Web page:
The New Enterprise Allowance will give people getting Jobseeker’s Allowance access to business mentoring and a financial package. This includes a weekly allowance payable over 26 weeks’ worth up to £1,274, allowing you to establish your business and cash flow. You can also get a low cost loan to help with start up costs.
You might be able to take part in the New Enterprise Allowance if:
- you’re aged 18 and over and have been claiming Jobseeker’s Allowance for three months or more
- you have a viable business idea
Disabled Entrepreneurs Network
The Association of Disabled Professionals runs a website at www.disabled-entrepreneurs.net. It aims to provide networking opportunities and share good practice for self-employed disabled people and those setting up their own businesses.
If you’re aged between 18-30 with a viable idea for your own business, then you may be able to get the following help from the Prince’s Trust’s Enterprise Programme.
- Advice on employment options
- Business skills training
- Business planning support
- Start-up loan funding
- Ongoing support from a volunteer business mentor
- Access to specialist support, including a free legal helpline
- And, if you start a business, access to a wide range of free and discounted products and services.
Further information is available from www.princes-trust.org.uk. Alternatively, call freephone 0800 842 842 and you will be put through to the Prince’s Trust office in your area.
There are many organisations that help disabled jobseekers. Some can help people with any kind of impairment and others will help people with specific impairments. This is just a selection, but it is worth asking other disability organisations about any schemes they offer for jobseekers.
Action on Hearing Loss (formerly RNID)
19-23 Featherstone Street, London EC1Y 8SL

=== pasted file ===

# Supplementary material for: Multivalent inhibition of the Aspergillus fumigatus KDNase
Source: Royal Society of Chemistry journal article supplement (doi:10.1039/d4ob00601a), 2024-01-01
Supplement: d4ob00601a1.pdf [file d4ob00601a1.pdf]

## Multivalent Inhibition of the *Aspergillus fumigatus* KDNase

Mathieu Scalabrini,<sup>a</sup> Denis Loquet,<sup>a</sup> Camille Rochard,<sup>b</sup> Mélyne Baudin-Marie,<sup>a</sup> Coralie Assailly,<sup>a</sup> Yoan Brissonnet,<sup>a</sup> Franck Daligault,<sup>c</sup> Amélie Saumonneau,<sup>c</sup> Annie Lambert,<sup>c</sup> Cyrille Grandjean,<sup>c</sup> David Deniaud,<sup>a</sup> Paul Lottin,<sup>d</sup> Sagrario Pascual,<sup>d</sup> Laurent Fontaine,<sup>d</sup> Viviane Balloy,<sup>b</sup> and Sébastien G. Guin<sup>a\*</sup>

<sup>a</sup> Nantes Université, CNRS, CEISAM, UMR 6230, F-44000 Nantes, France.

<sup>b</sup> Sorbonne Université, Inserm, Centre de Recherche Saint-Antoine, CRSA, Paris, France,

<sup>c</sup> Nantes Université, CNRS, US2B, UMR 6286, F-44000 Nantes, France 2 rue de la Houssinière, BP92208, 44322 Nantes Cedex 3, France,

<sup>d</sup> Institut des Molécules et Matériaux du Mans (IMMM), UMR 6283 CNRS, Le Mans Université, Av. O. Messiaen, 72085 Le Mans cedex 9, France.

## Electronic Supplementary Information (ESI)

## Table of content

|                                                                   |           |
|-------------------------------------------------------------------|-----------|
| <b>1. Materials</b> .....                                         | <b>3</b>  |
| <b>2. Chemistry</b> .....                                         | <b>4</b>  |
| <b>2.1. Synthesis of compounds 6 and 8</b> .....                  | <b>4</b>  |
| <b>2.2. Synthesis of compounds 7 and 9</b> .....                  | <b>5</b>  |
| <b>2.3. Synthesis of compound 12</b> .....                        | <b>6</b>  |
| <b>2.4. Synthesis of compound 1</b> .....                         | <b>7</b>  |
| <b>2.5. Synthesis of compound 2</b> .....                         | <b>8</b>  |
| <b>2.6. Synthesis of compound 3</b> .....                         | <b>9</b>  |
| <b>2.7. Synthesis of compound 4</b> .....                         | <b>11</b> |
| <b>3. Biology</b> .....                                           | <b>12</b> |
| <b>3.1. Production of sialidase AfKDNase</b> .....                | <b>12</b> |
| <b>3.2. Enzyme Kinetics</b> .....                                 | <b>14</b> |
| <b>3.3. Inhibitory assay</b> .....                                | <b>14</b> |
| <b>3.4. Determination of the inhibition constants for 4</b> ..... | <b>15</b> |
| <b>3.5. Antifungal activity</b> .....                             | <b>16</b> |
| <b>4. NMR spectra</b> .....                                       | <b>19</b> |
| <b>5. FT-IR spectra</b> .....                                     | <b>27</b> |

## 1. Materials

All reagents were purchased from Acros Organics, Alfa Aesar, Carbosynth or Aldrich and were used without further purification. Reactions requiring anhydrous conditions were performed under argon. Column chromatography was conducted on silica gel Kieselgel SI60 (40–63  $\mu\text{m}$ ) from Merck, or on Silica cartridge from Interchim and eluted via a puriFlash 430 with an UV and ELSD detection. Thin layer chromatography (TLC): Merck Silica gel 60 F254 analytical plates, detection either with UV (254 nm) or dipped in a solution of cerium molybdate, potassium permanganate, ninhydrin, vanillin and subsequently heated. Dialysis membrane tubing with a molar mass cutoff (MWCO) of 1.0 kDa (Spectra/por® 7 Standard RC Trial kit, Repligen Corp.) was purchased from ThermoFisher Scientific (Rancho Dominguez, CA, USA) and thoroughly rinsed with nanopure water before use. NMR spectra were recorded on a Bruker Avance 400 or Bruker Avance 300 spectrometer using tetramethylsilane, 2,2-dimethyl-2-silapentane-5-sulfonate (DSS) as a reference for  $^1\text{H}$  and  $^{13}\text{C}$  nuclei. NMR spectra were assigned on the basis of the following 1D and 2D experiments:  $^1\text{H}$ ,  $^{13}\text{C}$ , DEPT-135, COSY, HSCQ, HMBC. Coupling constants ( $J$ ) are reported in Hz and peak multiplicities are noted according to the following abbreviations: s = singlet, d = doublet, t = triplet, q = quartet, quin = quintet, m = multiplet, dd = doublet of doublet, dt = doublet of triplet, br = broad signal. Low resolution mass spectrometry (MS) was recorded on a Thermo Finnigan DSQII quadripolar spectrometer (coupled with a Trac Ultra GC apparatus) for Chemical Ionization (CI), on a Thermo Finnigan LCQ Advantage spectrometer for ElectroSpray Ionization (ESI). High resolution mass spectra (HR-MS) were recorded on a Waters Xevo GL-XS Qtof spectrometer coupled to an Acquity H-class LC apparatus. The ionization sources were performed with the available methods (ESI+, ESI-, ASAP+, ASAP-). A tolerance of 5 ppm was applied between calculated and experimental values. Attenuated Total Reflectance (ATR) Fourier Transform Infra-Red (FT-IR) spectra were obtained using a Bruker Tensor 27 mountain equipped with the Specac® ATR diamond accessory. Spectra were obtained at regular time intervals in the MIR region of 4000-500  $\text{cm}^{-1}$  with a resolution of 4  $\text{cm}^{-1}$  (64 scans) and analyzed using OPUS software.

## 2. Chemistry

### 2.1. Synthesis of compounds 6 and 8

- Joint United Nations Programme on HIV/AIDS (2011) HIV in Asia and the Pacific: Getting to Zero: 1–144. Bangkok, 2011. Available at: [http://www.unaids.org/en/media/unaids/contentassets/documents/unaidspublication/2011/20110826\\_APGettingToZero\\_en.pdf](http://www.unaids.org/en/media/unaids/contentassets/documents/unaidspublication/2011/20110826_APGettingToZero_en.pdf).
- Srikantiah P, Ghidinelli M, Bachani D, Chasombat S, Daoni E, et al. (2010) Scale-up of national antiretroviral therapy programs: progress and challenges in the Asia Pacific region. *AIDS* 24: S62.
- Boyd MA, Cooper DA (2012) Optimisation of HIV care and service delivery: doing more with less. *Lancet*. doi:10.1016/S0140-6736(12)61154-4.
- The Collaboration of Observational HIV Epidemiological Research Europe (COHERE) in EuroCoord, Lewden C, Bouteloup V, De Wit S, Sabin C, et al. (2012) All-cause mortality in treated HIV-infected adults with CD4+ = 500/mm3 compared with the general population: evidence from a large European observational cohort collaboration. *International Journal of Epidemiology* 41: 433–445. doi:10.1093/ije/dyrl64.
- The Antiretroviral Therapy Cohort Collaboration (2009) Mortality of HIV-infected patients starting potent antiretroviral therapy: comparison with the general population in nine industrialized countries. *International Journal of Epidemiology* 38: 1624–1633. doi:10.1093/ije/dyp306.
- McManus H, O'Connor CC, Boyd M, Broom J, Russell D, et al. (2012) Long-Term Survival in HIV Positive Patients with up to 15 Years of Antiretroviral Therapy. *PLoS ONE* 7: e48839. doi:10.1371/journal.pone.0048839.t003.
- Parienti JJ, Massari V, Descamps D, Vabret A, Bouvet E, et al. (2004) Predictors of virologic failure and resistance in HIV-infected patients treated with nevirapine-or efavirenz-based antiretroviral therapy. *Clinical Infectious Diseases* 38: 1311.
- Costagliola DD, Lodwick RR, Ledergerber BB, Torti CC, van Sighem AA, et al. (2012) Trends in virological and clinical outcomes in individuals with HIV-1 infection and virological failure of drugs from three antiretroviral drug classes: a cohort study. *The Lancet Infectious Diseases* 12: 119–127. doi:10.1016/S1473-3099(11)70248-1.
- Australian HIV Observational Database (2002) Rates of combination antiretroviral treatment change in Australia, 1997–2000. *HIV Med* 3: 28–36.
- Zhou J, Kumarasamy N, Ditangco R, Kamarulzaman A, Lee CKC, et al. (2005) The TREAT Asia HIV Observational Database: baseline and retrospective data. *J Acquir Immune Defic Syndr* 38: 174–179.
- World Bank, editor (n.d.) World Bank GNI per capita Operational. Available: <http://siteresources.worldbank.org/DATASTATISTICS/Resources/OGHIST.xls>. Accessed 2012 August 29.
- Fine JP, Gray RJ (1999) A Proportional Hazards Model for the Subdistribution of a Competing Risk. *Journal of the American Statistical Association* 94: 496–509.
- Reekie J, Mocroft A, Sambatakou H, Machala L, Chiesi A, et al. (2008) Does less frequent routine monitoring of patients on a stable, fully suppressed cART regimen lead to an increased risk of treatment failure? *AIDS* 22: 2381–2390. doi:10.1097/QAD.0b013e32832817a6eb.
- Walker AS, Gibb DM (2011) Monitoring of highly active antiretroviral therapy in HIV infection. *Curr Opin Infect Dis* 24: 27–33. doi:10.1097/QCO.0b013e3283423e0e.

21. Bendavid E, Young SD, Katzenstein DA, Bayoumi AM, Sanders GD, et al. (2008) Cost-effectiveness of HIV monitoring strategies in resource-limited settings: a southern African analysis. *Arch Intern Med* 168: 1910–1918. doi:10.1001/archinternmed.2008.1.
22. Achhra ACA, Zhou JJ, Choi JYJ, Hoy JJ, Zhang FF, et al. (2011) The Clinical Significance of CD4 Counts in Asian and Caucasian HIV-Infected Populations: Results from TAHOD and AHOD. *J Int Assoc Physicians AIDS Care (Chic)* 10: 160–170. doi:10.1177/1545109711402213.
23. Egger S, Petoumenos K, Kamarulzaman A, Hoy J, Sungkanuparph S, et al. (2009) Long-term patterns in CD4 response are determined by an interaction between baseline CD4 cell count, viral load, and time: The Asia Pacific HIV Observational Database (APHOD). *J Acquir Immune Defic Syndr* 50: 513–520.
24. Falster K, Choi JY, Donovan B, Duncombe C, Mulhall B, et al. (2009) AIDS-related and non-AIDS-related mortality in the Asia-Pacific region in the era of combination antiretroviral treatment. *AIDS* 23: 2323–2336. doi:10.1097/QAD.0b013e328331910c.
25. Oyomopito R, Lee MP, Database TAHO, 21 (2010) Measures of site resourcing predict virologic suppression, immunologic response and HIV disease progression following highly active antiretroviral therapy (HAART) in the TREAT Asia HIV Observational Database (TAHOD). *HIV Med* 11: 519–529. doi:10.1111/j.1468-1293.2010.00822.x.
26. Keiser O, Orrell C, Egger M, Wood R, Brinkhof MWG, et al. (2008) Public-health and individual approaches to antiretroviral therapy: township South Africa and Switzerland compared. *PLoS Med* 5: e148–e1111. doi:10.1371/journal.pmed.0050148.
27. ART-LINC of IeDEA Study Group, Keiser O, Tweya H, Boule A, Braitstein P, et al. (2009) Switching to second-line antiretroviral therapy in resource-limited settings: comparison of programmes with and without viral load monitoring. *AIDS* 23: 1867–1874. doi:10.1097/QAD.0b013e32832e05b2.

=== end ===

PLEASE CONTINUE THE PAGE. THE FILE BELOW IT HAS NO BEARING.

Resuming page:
Action on Hearing Loss can provide specific information and advice to deaf or hearing impaired jobseekers.
Blind in Business (BIB)
4th Floor, 1 London Wall Buildings, London EC2M 5PG
Blind in Business provides a range of services to both undergraduates/graduates and employers to ease the transition between education and employment for visually impaired individuals. BIB works through the whole application process, from supplying recruitment materials and vacancy information in a range of formats, to providing specialist seminars and advice. All the services are free and available to any visually-impaired young person looking for work.
Disability Action (Northern Ireland)
Head Office, Portside Business Park, 189 Airport Road West, Belfast BT3 9ED
Disability Action's Employment and Training Service offers information and support for people with disabilities, to help them find and stay in work or vocational training. They also provide disability and diversity awareness training to employers, organisations, businesses and other interested agencies.
Newspaper covering disability issues, including some job vacancies.
66 South Lambeth Road, London SW8 1RL
Range of services to help disabled people into work and business including skills training in computers, accessible media and supporting disabled to run their own businesses.
Papworth Employment Programmes
Bernard Sunley Centre, Papworth Everard
Cambridge CB23 3RG
Various programmes supporting disabled people who are long-term unemployed, as well as those who have acquired a disability as a result of a workplace injury, serious illness or a road traffic accident. Workplace evaluation, job searching, job analysis and matching and access to Jobcentre Plus programmes where relevant. Papworth delivers most of its services in the East of England; Bedfordshire, Cambridgeshire, Essex, Hertfordshire, Norfolk, Northamptonshire and Suffolk.
393 City Road, London EC1V 1NG
Tel: 020 7704 7450
Only specialised employment service for people with Asperger syndrome and autism in the UK. Helps with work preparation and also provides support in the workplace.
18c Meridian East, Meridian Business Park, Leicester LE19 1WZ
Remploy offers a number of programmes for students and graduates with disabilities.
Royal National Institute of Blind People (RNIB)
105 Judd Street, London WC1H 9NE
The RNIB provides information and advice to blind and partially sighted jobseekers. It also runs the Trainee Grade Scheme (TGS) offering paid work experience. You should contact your local RNIB Employment and Student Support Network for further information.
6 Market Road, London N7 9PW
Scope's employment services support disabled people in gaining employment in large corporations, public sector bodies and local employers. They run employment programmes in several regions including East London, Cumbria, North Wales, Kent, Surrey and Sussex.